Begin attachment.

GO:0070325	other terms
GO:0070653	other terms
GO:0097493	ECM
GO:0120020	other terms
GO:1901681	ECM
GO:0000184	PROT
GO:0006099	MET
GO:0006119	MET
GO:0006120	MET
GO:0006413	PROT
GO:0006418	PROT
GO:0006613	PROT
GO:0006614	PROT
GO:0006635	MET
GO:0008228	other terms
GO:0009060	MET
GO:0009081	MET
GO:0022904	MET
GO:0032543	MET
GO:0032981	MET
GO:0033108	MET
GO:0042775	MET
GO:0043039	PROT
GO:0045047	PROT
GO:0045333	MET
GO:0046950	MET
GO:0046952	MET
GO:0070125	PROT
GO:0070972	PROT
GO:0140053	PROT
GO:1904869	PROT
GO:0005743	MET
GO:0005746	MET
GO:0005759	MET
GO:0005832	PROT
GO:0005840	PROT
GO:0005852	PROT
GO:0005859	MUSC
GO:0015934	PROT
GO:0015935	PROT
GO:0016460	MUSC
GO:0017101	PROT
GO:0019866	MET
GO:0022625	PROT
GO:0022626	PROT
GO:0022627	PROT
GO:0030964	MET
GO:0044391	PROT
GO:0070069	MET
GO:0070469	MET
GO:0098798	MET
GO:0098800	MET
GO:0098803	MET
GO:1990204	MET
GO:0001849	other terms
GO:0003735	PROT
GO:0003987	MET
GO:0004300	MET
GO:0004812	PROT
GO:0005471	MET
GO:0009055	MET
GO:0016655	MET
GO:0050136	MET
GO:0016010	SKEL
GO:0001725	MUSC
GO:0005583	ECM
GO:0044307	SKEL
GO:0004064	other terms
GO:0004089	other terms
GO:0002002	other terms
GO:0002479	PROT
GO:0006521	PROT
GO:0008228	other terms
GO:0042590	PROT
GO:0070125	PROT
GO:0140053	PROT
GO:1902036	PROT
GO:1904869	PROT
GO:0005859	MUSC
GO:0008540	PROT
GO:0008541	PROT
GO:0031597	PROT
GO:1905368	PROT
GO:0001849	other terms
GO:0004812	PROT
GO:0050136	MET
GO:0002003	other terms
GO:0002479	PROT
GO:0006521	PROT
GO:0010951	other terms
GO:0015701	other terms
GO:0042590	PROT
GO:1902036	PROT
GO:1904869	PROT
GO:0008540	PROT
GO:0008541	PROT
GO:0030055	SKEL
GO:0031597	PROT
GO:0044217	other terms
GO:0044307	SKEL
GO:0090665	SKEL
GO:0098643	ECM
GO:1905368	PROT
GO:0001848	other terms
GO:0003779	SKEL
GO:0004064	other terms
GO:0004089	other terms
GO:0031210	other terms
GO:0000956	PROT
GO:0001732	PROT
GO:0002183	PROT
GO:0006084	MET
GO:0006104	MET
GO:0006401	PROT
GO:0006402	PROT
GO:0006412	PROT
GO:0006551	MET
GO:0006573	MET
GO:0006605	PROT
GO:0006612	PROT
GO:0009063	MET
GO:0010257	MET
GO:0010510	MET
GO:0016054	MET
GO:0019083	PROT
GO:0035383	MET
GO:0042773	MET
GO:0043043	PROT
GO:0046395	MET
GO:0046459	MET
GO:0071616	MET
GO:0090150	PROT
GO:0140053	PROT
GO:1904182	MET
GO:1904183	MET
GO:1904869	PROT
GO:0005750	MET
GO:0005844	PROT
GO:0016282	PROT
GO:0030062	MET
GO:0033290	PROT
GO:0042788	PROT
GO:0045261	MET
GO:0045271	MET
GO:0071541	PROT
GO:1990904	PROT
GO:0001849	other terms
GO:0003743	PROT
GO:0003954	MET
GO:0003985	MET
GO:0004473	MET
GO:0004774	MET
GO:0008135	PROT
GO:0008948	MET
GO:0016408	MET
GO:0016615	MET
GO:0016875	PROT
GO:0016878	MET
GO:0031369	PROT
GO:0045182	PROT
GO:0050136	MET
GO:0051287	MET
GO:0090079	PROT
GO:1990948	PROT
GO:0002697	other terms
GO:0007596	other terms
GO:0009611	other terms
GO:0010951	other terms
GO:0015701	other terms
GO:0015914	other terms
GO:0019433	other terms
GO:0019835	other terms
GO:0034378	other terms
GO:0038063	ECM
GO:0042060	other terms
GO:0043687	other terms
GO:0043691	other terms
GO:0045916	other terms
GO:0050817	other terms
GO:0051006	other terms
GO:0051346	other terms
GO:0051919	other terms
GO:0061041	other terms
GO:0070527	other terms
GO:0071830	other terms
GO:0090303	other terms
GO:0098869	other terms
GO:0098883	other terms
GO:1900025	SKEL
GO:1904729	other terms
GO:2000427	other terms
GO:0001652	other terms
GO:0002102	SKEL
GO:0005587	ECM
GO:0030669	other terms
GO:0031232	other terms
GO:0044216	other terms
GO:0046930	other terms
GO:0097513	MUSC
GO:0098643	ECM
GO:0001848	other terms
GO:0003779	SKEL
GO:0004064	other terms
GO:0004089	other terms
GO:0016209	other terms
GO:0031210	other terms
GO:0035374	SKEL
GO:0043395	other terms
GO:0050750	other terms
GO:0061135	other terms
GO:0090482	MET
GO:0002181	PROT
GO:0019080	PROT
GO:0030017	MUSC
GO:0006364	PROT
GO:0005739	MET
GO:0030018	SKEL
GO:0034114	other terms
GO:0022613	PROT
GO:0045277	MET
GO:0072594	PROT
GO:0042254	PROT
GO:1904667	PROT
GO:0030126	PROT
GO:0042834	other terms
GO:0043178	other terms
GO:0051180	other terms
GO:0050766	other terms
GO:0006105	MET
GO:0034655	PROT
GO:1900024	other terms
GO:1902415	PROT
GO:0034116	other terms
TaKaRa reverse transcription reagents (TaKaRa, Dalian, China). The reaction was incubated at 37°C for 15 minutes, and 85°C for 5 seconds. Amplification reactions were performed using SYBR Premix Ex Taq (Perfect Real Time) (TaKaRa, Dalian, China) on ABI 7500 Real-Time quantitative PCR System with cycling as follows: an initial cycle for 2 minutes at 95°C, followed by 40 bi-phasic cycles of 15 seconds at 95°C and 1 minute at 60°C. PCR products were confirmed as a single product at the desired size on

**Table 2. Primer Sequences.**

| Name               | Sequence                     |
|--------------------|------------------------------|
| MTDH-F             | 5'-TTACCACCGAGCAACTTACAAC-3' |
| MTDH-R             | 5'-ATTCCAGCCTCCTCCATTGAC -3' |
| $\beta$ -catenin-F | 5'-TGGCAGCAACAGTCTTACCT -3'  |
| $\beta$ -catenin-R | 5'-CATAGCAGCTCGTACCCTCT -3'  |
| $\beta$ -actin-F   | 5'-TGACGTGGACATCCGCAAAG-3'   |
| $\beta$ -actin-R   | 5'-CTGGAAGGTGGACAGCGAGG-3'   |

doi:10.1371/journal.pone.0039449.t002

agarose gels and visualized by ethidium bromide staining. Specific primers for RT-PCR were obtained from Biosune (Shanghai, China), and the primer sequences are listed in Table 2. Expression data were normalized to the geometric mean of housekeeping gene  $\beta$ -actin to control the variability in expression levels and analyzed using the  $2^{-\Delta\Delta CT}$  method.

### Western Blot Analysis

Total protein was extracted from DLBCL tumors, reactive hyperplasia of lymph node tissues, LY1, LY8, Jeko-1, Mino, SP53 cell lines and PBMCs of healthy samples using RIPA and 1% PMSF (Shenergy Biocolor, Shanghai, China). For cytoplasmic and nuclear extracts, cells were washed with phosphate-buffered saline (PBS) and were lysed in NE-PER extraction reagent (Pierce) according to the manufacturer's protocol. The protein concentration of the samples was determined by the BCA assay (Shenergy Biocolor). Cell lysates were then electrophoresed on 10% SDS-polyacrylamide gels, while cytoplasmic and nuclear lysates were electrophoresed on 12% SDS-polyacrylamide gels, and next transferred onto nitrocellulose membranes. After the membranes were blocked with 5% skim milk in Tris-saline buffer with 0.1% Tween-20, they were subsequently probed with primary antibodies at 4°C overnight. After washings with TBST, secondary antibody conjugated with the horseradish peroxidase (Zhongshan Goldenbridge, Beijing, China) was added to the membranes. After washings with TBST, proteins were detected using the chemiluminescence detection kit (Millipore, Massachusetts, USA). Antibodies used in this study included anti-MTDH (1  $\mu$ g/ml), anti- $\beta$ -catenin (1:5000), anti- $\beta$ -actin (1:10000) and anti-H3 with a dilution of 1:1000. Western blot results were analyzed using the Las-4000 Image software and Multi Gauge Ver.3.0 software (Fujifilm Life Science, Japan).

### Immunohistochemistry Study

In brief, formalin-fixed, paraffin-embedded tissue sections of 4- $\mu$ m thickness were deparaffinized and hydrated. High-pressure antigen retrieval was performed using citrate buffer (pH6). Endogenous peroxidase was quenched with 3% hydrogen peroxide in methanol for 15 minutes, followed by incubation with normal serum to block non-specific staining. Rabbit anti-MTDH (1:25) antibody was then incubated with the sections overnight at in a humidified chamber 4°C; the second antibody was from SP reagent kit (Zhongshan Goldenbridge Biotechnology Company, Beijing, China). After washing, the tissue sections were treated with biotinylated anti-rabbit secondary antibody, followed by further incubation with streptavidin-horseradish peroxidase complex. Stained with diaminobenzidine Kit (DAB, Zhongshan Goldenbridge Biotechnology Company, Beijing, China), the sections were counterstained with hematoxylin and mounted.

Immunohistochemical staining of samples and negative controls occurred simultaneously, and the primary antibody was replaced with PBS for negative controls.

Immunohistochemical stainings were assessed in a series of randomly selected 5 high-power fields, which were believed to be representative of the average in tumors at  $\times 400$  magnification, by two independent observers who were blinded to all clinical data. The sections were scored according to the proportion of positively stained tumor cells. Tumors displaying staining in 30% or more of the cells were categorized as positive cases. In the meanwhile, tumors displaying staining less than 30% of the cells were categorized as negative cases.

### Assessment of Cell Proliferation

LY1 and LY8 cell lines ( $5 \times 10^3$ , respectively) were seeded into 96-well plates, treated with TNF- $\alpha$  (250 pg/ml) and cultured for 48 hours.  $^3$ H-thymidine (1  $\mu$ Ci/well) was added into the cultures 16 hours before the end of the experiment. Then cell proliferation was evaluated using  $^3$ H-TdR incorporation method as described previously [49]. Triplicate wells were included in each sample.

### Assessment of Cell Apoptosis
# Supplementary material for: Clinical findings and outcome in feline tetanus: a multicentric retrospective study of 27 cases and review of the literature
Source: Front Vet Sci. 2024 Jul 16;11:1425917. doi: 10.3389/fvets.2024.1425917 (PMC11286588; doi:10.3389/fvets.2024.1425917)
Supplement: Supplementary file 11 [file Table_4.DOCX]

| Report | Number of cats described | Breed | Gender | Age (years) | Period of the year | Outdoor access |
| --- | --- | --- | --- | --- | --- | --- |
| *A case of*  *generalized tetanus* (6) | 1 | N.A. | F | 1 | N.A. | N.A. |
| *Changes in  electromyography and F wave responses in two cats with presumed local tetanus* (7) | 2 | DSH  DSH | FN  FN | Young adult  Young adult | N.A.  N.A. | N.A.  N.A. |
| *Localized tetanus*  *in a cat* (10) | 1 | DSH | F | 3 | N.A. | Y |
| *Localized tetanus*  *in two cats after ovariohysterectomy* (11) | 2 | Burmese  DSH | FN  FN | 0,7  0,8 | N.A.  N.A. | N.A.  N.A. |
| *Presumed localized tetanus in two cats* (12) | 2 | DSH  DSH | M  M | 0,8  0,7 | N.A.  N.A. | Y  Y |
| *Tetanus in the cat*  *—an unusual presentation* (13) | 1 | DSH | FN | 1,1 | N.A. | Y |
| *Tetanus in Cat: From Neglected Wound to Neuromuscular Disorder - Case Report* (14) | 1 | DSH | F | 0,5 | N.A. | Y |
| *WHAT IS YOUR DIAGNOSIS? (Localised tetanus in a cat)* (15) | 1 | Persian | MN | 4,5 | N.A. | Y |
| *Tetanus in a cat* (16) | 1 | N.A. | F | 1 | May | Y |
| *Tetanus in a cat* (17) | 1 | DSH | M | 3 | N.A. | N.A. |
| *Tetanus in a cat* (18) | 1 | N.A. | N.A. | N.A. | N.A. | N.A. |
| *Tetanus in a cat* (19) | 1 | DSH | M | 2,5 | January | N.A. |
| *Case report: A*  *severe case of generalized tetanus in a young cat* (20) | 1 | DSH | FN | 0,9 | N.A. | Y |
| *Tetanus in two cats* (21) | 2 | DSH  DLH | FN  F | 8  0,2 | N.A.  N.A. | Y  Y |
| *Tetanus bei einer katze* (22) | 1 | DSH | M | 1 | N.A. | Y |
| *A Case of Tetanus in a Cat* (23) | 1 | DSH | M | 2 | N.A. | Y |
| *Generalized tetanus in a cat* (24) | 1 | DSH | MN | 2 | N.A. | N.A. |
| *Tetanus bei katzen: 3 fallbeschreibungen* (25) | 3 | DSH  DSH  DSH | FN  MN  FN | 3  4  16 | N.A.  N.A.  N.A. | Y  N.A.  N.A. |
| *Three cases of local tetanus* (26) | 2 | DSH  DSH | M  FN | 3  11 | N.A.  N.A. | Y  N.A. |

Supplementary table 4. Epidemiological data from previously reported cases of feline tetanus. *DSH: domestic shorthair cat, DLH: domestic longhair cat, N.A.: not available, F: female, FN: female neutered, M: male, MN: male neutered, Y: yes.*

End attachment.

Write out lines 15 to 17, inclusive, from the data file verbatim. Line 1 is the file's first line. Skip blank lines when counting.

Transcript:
GO:0008228	other terms
GO:0009060	MET
GO:0009081	MET